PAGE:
Each year, we receive a huge number of questions about when you should include a diversity statement in your application and whether or not your particular identity or experience would warrant submitting such a statement in addition to a personal statement. The answer is not always a simple one. On one hand, it is wise to provide law schools with a great deal of information about you as an applicant. Yet on the other hand, you want to make sure that this information is relevant to the diversity statement prompt and helpful to law school admissions offices in determining who you are as an individual, a future law student, and future lawyer. Diversity statements are truly optional statements; there will not be a negative mark on your application if you don’t have one. That said, it can offer a richer perspective on you as an applicant.
Here are a few factors that may help you decide if writing a diversity statement would work for you.
First, be sure to read each school’s application instructions on submitting a diversity statement; each prompt may be different, but many use a very broad definition of diversity. Race, ethnicity, national origin, and culture (i.e., coming from a background or community that is and/or has been historically excluded, marginalized, oppressed, and underrepresented) are certainly included, but they are not the only strict classifications or topics that fall under this category. Socioeconomic disadvantage, first-generation status, religion, sexual orientation, disability (and the intersectionality of any and all of these) are all examples of possible topics for a diversity statement. Also, an uncommon upbringing, overcoming adversity, or having gone through a serious, life-altering experience are examples of other themes — and even this is not an exhaustive list.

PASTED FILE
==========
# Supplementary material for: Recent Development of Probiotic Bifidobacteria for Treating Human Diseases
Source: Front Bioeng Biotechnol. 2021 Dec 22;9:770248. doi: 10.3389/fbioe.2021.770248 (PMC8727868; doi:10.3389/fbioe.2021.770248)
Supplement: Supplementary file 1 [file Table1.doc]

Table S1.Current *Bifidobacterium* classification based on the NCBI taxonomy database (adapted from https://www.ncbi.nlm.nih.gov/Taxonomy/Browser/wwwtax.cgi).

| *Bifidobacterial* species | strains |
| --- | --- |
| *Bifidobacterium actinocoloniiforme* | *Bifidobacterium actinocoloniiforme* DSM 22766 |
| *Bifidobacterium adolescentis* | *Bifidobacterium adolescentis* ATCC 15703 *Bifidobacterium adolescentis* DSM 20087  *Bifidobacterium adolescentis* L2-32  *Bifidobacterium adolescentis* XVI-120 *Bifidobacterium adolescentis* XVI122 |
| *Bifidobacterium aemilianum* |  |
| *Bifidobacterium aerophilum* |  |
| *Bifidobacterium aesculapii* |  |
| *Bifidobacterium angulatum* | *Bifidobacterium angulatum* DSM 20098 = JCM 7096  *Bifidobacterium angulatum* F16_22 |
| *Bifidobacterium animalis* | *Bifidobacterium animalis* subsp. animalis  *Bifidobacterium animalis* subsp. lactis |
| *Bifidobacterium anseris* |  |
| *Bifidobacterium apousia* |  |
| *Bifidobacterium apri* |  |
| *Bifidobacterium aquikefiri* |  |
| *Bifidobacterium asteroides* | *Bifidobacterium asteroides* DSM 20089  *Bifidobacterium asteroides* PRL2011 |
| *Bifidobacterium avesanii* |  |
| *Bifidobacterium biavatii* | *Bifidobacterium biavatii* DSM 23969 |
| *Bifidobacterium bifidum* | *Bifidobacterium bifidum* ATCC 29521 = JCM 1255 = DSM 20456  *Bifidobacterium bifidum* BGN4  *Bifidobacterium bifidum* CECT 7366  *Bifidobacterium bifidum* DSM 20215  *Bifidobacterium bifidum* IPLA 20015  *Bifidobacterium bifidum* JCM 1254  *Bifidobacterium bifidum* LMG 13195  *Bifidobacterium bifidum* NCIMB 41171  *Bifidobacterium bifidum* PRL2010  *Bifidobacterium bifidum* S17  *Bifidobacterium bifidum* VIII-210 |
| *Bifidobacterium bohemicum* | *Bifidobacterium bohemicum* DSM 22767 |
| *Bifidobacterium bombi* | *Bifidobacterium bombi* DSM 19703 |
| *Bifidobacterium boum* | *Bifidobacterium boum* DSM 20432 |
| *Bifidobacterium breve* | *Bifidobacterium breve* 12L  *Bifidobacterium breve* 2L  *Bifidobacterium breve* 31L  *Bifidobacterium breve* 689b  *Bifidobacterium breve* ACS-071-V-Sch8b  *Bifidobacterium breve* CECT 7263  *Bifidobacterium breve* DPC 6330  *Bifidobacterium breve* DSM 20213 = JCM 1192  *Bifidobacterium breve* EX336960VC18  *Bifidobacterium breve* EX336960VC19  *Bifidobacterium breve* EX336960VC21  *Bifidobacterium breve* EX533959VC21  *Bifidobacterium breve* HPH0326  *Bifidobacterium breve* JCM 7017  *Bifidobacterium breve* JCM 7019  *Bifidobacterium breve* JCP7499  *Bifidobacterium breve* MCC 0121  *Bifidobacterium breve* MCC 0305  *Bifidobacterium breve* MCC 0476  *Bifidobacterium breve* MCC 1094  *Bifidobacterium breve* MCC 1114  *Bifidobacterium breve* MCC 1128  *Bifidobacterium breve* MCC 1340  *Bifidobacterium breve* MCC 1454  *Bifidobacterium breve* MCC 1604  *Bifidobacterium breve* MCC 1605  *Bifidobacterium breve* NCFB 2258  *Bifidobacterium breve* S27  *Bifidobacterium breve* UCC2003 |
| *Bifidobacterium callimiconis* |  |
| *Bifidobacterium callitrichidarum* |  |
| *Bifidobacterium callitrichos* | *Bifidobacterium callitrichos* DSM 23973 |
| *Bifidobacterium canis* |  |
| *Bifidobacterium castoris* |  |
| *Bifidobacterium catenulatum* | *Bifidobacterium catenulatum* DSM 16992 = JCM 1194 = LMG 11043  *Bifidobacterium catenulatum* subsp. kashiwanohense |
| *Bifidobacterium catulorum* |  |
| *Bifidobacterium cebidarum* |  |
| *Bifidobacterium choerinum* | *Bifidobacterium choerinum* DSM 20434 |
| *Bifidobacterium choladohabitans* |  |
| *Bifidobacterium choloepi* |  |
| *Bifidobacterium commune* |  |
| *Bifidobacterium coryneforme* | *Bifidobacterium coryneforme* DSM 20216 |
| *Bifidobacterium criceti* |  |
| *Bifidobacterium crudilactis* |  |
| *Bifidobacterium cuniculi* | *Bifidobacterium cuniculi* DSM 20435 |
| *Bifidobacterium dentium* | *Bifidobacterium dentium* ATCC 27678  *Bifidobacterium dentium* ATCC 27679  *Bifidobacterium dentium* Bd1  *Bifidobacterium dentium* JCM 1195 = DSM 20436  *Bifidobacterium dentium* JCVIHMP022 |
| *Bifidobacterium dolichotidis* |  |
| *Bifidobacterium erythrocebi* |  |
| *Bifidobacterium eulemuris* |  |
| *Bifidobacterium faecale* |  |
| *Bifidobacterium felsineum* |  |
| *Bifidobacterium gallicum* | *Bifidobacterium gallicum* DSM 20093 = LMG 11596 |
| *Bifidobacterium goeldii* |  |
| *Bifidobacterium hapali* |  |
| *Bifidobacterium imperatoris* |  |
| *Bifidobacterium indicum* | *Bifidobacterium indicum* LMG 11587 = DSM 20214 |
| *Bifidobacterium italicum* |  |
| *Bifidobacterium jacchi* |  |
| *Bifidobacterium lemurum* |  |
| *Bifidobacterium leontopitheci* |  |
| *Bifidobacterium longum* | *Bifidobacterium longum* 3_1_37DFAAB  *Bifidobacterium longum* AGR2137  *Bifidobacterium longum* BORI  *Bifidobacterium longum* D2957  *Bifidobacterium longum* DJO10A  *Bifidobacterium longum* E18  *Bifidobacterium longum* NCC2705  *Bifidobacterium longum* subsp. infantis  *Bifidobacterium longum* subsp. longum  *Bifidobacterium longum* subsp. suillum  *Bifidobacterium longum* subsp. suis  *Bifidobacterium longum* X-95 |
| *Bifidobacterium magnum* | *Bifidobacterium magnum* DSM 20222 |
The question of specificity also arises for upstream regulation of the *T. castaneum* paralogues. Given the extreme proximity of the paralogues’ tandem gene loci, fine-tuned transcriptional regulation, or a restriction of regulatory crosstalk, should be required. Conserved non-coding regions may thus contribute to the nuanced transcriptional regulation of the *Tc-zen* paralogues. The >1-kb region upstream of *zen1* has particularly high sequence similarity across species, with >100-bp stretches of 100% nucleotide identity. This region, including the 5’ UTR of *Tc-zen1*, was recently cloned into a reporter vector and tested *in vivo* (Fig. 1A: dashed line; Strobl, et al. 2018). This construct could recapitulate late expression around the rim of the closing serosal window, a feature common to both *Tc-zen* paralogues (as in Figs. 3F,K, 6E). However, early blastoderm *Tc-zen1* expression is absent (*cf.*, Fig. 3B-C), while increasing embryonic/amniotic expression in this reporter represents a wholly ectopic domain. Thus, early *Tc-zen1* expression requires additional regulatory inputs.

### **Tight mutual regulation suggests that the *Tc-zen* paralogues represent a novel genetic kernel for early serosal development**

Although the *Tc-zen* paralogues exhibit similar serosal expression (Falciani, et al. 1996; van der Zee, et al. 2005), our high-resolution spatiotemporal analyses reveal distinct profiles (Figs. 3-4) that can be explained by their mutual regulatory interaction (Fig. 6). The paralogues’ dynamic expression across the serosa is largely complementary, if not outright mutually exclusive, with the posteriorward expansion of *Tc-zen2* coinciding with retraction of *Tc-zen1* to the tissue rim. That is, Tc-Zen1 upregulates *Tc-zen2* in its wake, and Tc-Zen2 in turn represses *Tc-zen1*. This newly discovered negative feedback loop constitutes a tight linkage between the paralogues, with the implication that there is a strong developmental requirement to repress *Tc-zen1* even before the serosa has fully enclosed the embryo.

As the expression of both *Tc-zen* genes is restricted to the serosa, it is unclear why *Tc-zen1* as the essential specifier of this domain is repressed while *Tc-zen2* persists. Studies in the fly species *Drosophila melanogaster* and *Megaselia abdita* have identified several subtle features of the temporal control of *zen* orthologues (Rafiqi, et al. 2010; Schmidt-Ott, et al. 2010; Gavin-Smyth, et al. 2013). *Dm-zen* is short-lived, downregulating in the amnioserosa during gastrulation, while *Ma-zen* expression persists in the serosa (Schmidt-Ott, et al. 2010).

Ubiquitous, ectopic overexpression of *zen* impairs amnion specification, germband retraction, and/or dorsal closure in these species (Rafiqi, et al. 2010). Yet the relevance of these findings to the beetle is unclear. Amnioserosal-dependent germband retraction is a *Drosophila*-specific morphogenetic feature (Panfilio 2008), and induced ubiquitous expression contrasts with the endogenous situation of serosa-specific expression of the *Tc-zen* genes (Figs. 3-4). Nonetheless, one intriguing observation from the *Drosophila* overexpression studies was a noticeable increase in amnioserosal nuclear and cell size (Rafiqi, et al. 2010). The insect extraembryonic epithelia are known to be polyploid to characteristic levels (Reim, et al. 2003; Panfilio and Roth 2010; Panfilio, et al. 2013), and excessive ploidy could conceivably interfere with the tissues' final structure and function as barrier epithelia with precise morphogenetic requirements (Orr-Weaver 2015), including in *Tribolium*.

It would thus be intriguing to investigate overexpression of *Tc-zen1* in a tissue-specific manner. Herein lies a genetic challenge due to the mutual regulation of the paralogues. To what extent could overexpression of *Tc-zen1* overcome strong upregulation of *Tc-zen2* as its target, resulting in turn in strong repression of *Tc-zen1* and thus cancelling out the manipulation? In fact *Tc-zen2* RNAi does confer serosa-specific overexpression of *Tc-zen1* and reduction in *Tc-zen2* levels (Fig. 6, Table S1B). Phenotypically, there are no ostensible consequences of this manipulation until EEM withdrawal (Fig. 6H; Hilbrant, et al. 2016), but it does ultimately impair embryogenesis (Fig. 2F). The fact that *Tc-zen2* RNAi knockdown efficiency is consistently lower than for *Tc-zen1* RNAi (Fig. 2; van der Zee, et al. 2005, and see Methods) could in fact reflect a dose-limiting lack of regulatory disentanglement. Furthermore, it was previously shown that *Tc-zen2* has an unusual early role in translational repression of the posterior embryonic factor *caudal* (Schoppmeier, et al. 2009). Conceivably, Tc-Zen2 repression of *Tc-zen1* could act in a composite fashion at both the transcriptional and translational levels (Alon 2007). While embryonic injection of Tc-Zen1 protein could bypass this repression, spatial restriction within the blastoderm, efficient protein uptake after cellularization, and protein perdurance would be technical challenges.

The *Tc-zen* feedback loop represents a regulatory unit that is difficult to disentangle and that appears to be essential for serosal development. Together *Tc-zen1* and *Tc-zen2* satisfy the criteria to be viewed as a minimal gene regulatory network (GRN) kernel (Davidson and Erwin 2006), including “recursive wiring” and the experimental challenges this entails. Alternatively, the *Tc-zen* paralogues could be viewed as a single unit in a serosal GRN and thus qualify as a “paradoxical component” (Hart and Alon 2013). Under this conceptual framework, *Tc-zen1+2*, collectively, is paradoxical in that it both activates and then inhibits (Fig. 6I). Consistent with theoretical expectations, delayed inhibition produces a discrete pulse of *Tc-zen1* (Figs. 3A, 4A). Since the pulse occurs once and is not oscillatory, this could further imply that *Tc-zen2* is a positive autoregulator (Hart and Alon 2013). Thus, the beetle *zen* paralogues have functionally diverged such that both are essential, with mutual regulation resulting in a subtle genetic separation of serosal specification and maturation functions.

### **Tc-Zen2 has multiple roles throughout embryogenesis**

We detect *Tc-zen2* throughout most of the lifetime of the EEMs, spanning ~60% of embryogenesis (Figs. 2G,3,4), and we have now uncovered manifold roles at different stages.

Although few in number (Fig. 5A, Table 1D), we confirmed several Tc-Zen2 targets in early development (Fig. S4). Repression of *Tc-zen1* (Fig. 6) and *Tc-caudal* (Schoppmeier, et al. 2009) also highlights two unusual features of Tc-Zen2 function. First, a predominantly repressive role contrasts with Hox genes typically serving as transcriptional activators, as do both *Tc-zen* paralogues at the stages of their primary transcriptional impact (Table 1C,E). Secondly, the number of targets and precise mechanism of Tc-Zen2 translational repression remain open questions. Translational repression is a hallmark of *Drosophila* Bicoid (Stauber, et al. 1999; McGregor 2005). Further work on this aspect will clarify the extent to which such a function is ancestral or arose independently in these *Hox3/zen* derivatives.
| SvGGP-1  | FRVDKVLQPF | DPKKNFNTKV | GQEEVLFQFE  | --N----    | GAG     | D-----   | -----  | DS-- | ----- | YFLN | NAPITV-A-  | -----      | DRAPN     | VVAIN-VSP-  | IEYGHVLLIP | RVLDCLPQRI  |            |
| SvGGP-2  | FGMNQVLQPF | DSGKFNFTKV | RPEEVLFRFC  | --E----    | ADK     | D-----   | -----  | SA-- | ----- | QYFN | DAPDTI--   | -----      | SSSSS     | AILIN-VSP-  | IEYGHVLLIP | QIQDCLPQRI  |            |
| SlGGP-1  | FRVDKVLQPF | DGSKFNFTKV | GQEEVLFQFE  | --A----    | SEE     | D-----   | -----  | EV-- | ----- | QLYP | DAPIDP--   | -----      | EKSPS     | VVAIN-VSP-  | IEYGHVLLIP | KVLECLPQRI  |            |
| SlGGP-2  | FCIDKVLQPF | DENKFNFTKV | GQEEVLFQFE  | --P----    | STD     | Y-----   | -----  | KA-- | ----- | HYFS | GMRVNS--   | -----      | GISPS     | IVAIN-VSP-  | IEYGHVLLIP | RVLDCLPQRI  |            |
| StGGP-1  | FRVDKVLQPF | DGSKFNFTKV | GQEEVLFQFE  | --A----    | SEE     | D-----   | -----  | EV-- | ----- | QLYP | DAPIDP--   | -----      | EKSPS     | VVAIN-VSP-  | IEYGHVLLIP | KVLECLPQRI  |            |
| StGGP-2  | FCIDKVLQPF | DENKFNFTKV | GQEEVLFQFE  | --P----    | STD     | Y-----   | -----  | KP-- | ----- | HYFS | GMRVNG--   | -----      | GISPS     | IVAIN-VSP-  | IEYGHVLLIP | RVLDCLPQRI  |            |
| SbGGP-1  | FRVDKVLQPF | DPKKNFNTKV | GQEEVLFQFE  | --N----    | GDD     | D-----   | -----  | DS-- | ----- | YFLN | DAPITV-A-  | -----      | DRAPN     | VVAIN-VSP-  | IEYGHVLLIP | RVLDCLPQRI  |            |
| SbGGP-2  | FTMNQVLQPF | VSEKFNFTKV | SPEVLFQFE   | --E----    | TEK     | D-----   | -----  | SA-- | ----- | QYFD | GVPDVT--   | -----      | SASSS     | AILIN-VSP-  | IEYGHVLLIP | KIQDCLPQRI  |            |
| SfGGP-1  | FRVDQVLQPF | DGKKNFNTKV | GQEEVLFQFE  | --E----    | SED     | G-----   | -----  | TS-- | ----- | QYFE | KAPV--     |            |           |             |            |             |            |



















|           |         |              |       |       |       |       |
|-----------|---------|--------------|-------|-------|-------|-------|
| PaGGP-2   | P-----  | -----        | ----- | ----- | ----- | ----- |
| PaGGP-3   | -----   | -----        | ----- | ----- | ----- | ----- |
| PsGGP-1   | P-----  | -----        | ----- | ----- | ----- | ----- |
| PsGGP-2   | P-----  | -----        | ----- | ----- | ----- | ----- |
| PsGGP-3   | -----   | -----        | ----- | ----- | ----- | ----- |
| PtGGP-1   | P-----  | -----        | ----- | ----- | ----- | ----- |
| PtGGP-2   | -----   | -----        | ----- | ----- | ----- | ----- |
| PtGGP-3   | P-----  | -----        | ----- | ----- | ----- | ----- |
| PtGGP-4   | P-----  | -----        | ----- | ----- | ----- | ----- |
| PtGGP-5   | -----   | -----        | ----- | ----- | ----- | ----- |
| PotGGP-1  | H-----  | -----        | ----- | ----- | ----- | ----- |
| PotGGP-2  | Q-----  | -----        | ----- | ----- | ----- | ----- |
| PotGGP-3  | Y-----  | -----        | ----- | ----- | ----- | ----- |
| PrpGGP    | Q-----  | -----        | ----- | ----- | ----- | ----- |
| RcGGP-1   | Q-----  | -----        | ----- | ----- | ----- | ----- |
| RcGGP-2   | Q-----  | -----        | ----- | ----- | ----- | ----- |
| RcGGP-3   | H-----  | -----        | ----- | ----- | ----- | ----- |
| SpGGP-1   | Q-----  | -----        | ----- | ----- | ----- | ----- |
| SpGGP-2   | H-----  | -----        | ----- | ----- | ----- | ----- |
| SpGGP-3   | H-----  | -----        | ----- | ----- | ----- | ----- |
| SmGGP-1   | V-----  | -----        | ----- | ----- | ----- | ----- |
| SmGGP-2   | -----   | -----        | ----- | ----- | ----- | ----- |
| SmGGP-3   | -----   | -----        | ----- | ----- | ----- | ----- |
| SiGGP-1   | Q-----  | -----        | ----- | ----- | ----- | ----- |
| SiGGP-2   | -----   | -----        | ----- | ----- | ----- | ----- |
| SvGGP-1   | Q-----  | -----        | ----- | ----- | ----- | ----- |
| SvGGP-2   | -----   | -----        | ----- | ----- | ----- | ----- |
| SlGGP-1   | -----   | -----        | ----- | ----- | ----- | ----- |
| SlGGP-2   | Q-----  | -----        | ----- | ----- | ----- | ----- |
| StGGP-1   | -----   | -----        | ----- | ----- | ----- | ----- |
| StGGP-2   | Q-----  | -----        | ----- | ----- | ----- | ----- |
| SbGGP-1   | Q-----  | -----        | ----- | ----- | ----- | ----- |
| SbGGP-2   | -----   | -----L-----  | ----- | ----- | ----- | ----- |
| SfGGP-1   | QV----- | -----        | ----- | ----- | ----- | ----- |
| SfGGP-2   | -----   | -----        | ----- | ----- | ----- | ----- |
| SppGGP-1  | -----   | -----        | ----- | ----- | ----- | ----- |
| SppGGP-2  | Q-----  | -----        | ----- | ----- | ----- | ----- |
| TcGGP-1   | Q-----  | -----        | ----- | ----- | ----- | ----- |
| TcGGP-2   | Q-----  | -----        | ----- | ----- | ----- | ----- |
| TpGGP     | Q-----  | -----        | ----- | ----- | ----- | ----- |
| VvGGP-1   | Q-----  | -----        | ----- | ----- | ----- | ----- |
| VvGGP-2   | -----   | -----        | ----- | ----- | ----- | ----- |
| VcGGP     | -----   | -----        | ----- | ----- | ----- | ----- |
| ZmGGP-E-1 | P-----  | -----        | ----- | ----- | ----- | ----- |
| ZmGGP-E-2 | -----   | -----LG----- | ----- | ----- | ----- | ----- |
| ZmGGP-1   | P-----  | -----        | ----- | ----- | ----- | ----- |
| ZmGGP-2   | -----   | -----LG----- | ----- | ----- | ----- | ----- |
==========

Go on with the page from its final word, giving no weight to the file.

Your diversity statement should be different from your personal statement. Your personal statement can be a topic that would fit as a diversity statement, but then be sure your diversity statement is not redundant with your personal statement, and it shouldn’t be used to simply lengthen it.
The topic should be fairly obvious to you; if you can’t think of something that makes sense right away, it is probably a sign that you do not need to write one. This does not mean that your diverse identity cannot be complicated or not fully actualized, but in general, you shouldn’t try to stretch something that is a temporary hardship into a lifelong challenge. For example, there is a significant difference between growing up poor and going through a temporary drop in disposable income. The former is much more likely to have a deep and lasting impact on someone’s outlook. Adversity can make for a highly compelling diversity statement, but only when said adversity is both truly distinctive AND it provides you with an added dimension and perspective to bring to a law school.
Bad topic choices include: getting a used car as a gift instead of a new one because of a parent’s recent job change, being left-handed, having an econ major, appreciating diverse viewpoints, having fallen out of a chairlift, being liberal/conservative (e.g. “diversity of thought”), etc. (these are all real diversity statements we have seen). Writing about one of these things could do more harm than good. It can be seen as exercising poor judgment on the applicant’s part to miss the point of the diversity statement.
Your diversity statement should focus on YOU, your qualities, your characteristics, and your experiences. Don’t waste time making comparisons between yourself and other applicants, because you don’t have direct knowledge of those stories.
In sum, a diversity statement can be a great opportunity to provide the admissions committee with more information about you and what you can bring to their law school’s community and classroom. It is not something that everyone should submit, but when done well, a diversity statement can make a strong impact in a law school application.